MIDI Note Numbers & Octave Names

Acronym: Musical Instrument Digital Interface

There seems to be some confusion on various websites about MIDI note names and numbers.  I've done a little research into the subject and reached these conclusions which I hope will not confuse even more.

MIDI Note Numbers

We all know note names as C, Bb, D# etc. and can easily work out which octave they are in by looking at the music notation, however, computers and MIDI devices are not quite as intelligent as us!  These instruments need something more precise, so each note has been given a specific MIDI number 60, 70, 75 etc., middle C being 60 incrementing by one for each semitone increase in pitch.  All MIDI devices use these numbers.

Octave Names


Notes are also given names based on the octave in which they occur - this is where the confusion starts!  The standard piano keyboard has 88 notes each one being a semitone apart. Starting at the lowest C on the piano keyboard this is usually referred to a C1 making middle C, C4, as it starts the fourth octave.  Some musicians refer to the low C as being C0, middle C then becomes C3.  As you will see when I refer to keyboards as opposed to pianos it would probably be more sensible to do this.

Which ever octave name is given to middle C its pitch is always the same, i.e. 261.63 Hz., (to nearest two decimal places).  The piano usually has a few notes below the lowest C as shown in the diagram.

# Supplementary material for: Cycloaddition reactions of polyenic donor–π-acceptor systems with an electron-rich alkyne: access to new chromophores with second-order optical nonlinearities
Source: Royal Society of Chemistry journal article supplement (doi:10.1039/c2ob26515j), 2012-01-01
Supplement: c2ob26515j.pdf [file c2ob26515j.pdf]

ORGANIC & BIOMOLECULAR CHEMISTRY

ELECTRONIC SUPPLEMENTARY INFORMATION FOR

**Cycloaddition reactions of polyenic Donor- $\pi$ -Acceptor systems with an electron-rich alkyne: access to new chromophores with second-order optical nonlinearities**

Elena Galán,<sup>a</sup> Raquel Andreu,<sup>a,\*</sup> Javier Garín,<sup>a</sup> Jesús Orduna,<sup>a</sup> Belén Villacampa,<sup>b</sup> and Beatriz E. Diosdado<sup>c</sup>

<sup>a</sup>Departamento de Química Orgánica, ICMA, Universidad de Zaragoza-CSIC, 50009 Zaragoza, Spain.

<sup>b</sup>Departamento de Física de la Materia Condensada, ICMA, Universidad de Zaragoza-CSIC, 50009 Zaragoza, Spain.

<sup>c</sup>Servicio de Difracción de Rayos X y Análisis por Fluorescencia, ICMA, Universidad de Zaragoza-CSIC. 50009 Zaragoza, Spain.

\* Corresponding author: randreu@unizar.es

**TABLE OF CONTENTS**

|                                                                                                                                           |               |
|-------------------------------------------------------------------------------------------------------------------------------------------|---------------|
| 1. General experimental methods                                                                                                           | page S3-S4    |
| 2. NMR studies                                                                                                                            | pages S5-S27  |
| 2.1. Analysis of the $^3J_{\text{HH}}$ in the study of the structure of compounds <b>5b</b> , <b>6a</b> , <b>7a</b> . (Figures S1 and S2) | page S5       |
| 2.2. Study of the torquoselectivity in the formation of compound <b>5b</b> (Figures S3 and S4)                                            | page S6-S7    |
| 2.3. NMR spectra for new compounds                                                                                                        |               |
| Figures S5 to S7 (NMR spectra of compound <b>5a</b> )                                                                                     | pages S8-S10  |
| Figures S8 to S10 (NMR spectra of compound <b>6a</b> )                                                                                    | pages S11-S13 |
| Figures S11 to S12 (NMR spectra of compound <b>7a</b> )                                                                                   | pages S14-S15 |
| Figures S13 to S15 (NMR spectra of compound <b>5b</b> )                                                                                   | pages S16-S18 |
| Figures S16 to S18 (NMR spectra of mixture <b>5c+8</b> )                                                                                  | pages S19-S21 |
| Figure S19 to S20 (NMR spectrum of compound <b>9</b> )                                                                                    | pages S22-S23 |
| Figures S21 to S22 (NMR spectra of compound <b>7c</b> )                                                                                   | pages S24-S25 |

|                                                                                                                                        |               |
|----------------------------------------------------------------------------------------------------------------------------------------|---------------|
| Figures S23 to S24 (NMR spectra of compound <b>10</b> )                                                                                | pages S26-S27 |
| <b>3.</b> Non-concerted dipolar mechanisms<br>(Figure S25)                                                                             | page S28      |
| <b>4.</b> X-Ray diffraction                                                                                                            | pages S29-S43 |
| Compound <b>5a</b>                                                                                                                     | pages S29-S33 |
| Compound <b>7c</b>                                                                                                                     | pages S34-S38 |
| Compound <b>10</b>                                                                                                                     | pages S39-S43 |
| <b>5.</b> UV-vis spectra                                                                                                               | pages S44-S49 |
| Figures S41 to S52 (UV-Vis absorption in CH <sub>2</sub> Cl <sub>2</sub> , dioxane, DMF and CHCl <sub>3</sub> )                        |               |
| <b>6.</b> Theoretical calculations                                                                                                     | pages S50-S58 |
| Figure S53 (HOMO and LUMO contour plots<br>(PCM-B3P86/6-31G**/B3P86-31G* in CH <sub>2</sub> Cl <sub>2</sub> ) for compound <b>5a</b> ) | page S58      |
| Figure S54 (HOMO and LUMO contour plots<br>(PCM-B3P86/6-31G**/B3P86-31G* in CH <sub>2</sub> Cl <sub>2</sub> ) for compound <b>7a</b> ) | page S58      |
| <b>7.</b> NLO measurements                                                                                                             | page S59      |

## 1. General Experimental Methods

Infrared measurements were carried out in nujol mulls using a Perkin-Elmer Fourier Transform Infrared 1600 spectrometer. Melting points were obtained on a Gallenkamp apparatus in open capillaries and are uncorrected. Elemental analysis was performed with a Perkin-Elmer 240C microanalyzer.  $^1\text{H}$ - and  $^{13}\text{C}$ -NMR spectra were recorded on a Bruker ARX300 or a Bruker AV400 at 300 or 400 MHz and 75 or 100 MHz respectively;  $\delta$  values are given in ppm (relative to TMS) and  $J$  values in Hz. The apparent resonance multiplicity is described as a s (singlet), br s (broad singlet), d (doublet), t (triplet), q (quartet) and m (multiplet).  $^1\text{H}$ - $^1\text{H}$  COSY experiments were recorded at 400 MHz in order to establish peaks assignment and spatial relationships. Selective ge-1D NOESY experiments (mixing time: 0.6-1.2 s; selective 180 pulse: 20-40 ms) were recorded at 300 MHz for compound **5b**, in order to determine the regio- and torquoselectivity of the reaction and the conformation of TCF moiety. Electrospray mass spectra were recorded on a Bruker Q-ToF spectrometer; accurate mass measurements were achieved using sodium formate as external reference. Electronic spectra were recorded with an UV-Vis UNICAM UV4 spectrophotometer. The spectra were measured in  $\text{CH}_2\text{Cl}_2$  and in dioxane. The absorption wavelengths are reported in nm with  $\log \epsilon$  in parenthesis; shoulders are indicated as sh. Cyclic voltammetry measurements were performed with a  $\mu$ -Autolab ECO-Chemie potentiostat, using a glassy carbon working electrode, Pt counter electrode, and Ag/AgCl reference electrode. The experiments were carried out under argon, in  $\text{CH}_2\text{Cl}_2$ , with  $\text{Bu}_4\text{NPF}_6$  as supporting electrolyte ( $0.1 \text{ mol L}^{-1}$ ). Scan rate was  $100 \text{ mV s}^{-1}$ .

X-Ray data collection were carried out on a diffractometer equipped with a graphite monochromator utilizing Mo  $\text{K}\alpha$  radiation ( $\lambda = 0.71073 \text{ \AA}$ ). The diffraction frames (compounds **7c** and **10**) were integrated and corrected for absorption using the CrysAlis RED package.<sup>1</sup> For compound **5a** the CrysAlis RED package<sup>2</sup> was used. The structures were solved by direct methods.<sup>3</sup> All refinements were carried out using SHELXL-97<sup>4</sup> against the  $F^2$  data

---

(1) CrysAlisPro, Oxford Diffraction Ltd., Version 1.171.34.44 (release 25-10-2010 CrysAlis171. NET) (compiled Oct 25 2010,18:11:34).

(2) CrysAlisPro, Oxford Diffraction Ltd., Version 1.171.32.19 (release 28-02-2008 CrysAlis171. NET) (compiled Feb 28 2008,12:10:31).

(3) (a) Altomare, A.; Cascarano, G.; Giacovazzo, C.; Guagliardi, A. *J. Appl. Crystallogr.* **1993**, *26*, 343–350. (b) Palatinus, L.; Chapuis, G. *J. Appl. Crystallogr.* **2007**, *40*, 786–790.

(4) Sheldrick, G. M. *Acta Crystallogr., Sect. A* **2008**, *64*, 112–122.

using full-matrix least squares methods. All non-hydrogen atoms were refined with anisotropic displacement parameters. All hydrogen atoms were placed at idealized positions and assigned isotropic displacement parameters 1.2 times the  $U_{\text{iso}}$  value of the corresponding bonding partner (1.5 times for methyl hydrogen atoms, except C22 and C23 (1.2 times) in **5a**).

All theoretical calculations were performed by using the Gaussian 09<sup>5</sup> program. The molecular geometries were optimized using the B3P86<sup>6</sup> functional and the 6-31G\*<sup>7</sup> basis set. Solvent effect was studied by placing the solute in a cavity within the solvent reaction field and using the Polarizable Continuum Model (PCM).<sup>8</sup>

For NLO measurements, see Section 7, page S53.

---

To make the situation worse other musicians will start the octave at A, making this A1, as it is the lowest note on the piano.  However, this does not alter the octave numbering of the notes C as in the diagram above, but it does mean is that A1 and B1, above, now become A2 and B2 and so on.   Others make the lowest A, A0.  Hence the confusion.


The modern keyboard has fewer notes, usually beginning at C, two octaves below middle C, as do most keyboards.  Keyboard players using MIDI sequencers may refer to their lowest C as C1, which then makes middle C C3, the same as the piano with the low C at C0.  This is the case with my Yamaha® Tyros4 work station

In one MIDI sequencer I use, the octave names are as shown on the Piano Roll display window.  However, the programmers, no doubt realising the dilemma outlined above, have made it possible to set up the Base Octave, in the initialisation file, to whatever you wish by using a positive or negative number.

What a mess!!!......         Still confused?   Me too!!!

20 Note Raffin Scale

The red dots on the graphic above indicate which notes are used on the 20 note Raffin scale used by the John Smith Busker and Senior Organs.  These notes permit music to be played in the keys of F major and Bb major, and their relative minor keys of D minor and G minor respectively.  With some tunes the upper range might be inadequate so these notes have to break back an octave.  This can be noticed on commercially produced rolls, but is quite acceptable.

As there is only one accidental in each key  Eb or E, depending on the key in which you are playing, music almost certainly has to be modified to accommodate this limitation.


How many roads must a man travel down - until he admits he is lost?